The patent covers *creating* filenames that don't match the 8.3 pattern. You can read them all you want. You can also delete them (one of the design criteria for VFAT was that old machines delete correctly, so it cannot possibly violate the patent).
Linux could make its own method of making "long filenames", probably a hidden file. It could read both the XFAT names and this new hidden file when listing and finding the files on the disk. If a new file was created that did not match the 8.3 pattern then it would create a new 8.3 standin name and add the name to the hidden file.
All FAT removable media would look fine on any Linux machine. But you put it into a Windows machine and suddenly some of the long filenames are wrong, truncated to an 8.3 version!
Just to cause Microsoft additional trouble, it should probably assume that any bytes are legal in the 8.3 names, thus lower-case letters and punctuation can go into them. This would screw up Windows machines reading the disk even more, certainly some ancient code in there is making assumptions that are not true.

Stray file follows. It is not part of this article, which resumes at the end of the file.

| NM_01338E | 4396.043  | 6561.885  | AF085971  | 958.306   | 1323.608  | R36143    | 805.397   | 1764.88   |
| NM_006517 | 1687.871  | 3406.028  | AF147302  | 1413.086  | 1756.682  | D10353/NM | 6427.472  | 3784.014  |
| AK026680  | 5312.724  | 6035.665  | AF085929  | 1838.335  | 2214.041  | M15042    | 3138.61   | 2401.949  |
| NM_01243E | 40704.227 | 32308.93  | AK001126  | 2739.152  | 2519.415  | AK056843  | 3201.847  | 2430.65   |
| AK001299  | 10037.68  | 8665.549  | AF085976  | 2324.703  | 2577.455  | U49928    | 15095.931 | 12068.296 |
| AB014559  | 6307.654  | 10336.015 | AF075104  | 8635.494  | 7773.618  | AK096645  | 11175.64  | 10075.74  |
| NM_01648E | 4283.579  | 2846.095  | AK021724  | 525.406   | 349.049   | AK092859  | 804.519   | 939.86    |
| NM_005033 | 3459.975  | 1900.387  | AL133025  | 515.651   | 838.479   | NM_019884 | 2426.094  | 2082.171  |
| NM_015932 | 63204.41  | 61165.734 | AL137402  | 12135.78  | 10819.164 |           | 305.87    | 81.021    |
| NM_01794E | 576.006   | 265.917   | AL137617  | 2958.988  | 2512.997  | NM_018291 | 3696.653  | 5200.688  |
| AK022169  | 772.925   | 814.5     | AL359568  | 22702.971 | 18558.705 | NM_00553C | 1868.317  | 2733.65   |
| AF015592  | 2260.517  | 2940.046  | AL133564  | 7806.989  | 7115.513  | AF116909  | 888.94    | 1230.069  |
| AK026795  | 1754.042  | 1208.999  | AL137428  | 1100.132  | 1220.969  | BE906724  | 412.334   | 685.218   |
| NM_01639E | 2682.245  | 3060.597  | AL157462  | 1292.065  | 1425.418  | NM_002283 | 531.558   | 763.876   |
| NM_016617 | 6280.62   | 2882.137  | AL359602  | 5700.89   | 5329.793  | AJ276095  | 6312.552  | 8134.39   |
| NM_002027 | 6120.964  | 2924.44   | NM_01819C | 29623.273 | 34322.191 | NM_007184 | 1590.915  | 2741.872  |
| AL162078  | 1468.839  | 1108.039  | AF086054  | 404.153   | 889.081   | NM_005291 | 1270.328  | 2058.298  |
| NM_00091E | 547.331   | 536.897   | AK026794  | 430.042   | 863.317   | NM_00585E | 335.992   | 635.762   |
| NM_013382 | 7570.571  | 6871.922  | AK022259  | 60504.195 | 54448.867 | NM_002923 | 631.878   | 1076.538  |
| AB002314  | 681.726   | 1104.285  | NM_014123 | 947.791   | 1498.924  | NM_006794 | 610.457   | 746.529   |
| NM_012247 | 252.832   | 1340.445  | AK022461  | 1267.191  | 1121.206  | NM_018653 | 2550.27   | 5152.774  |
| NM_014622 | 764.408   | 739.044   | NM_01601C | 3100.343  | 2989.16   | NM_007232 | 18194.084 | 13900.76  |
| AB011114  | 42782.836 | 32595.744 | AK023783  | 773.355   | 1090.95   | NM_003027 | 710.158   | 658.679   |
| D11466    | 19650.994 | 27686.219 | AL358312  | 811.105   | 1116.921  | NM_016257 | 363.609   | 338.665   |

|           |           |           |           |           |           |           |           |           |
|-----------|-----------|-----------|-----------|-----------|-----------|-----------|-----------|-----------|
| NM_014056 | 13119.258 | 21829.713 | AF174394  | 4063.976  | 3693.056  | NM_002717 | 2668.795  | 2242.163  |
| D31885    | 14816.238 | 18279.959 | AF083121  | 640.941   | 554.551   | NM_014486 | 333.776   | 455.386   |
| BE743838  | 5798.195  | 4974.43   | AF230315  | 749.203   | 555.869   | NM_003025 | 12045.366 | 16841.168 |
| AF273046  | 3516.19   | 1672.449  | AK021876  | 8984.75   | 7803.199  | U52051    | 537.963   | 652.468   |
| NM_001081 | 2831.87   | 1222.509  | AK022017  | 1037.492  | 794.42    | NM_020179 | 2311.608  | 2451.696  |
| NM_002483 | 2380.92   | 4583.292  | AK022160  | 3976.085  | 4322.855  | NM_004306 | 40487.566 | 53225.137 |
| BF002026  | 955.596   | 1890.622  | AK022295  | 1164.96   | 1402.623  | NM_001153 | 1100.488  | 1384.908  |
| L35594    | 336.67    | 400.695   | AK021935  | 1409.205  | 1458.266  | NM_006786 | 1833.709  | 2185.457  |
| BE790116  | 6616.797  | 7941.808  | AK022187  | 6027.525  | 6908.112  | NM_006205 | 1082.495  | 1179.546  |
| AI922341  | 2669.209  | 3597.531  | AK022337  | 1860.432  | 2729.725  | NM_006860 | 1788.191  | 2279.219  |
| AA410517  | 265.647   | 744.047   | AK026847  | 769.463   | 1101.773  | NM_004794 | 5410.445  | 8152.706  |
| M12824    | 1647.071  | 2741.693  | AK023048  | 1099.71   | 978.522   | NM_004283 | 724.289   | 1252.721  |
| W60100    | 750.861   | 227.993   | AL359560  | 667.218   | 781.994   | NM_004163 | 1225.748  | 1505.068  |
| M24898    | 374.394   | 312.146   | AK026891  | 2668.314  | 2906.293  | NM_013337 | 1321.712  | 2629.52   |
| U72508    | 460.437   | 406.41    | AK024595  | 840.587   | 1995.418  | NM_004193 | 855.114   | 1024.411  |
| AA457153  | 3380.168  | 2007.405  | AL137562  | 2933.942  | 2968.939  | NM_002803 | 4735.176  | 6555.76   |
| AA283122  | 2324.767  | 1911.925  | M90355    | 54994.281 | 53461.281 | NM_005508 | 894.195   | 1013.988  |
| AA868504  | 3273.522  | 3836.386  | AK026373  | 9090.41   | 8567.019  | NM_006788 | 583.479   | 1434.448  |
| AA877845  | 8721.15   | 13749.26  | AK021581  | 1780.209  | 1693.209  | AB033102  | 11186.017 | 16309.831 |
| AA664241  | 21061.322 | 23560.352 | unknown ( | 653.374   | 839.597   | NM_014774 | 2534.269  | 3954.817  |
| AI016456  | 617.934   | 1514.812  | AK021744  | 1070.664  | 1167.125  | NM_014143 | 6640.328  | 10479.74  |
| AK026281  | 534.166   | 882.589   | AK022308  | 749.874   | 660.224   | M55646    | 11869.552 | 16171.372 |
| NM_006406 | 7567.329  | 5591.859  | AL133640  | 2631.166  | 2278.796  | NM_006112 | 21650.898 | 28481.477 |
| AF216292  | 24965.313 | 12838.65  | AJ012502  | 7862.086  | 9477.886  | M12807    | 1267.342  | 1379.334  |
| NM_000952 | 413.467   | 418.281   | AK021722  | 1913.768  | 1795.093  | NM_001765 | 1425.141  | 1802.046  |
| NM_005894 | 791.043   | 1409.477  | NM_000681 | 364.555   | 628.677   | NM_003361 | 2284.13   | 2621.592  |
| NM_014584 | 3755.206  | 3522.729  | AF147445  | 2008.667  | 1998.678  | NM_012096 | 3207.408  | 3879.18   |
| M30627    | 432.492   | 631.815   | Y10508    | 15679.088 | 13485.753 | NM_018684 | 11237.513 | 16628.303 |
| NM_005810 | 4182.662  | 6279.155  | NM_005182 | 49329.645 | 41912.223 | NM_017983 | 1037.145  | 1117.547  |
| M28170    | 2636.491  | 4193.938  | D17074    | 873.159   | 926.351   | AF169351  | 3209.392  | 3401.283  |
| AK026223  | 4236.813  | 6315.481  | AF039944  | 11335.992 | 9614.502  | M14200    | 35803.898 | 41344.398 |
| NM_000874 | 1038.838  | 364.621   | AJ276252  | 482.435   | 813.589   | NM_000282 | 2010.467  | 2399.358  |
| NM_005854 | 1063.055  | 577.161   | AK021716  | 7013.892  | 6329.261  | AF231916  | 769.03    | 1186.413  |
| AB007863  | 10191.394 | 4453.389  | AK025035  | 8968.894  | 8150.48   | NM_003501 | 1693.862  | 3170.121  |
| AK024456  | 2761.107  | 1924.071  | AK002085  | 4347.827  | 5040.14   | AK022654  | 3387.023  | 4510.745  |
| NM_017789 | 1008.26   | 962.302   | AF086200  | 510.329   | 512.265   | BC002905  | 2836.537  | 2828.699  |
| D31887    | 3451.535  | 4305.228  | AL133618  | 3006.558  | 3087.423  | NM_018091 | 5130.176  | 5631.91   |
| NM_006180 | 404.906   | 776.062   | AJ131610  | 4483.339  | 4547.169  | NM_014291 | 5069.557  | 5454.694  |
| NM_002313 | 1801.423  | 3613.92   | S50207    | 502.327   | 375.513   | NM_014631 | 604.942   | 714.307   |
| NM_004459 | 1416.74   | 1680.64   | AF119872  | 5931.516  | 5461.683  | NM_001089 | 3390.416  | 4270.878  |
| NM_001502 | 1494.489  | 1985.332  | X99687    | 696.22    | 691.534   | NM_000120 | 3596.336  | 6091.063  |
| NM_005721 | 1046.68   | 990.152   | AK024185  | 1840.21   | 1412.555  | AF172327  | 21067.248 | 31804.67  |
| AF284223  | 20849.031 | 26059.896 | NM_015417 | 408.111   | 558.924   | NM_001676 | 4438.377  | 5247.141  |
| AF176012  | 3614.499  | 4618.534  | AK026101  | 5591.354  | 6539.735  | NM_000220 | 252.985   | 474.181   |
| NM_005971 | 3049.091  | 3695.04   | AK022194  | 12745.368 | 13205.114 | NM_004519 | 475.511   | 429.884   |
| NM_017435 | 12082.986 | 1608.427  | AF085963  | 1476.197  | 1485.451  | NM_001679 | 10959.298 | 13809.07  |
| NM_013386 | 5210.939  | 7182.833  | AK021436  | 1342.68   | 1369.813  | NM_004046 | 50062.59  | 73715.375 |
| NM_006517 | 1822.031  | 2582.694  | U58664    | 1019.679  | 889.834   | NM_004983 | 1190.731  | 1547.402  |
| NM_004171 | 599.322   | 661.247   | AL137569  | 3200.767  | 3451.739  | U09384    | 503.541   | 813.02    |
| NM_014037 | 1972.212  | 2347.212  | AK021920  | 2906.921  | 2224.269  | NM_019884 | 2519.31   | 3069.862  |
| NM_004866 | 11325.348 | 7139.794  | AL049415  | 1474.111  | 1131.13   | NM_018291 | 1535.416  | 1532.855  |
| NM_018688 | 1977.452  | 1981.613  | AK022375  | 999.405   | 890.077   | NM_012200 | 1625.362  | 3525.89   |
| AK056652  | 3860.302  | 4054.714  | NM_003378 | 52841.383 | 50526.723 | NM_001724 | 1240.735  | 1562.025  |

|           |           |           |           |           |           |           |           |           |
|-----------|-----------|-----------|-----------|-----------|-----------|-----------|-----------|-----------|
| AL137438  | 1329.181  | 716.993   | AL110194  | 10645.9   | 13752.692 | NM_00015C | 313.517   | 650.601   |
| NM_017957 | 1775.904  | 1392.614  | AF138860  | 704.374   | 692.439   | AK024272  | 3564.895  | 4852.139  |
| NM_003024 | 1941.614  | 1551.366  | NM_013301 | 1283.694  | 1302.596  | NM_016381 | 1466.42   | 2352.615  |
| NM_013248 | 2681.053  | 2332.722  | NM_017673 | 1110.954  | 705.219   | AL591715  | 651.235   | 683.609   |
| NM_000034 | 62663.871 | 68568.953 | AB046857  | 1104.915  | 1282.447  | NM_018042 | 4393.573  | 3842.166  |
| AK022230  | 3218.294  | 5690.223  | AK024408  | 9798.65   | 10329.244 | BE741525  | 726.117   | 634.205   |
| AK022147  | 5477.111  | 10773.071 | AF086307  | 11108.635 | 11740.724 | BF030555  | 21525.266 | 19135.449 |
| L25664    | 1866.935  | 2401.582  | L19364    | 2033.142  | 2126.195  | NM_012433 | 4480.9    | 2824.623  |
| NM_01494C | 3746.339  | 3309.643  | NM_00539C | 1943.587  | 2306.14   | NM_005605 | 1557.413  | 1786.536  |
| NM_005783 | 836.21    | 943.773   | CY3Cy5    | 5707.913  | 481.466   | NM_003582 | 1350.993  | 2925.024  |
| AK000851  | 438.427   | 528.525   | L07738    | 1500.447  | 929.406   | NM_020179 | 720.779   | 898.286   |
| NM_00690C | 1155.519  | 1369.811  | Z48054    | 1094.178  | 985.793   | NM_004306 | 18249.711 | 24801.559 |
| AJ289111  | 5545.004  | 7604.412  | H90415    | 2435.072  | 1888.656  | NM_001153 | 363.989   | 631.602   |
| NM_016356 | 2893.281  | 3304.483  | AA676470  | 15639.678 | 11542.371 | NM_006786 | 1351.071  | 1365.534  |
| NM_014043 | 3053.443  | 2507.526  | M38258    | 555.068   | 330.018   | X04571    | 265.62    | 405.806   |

These techniques have been used by Microsoft to attack competitors for decades, but it is possible they will work in reverse here.
PS: For the vast majority of users of cameras, etc, it won't make any difference. They only write 8.3 names. Where it will screw Microsoft up is if phones and things where users can name their files start doing this and start accepting standard removable media.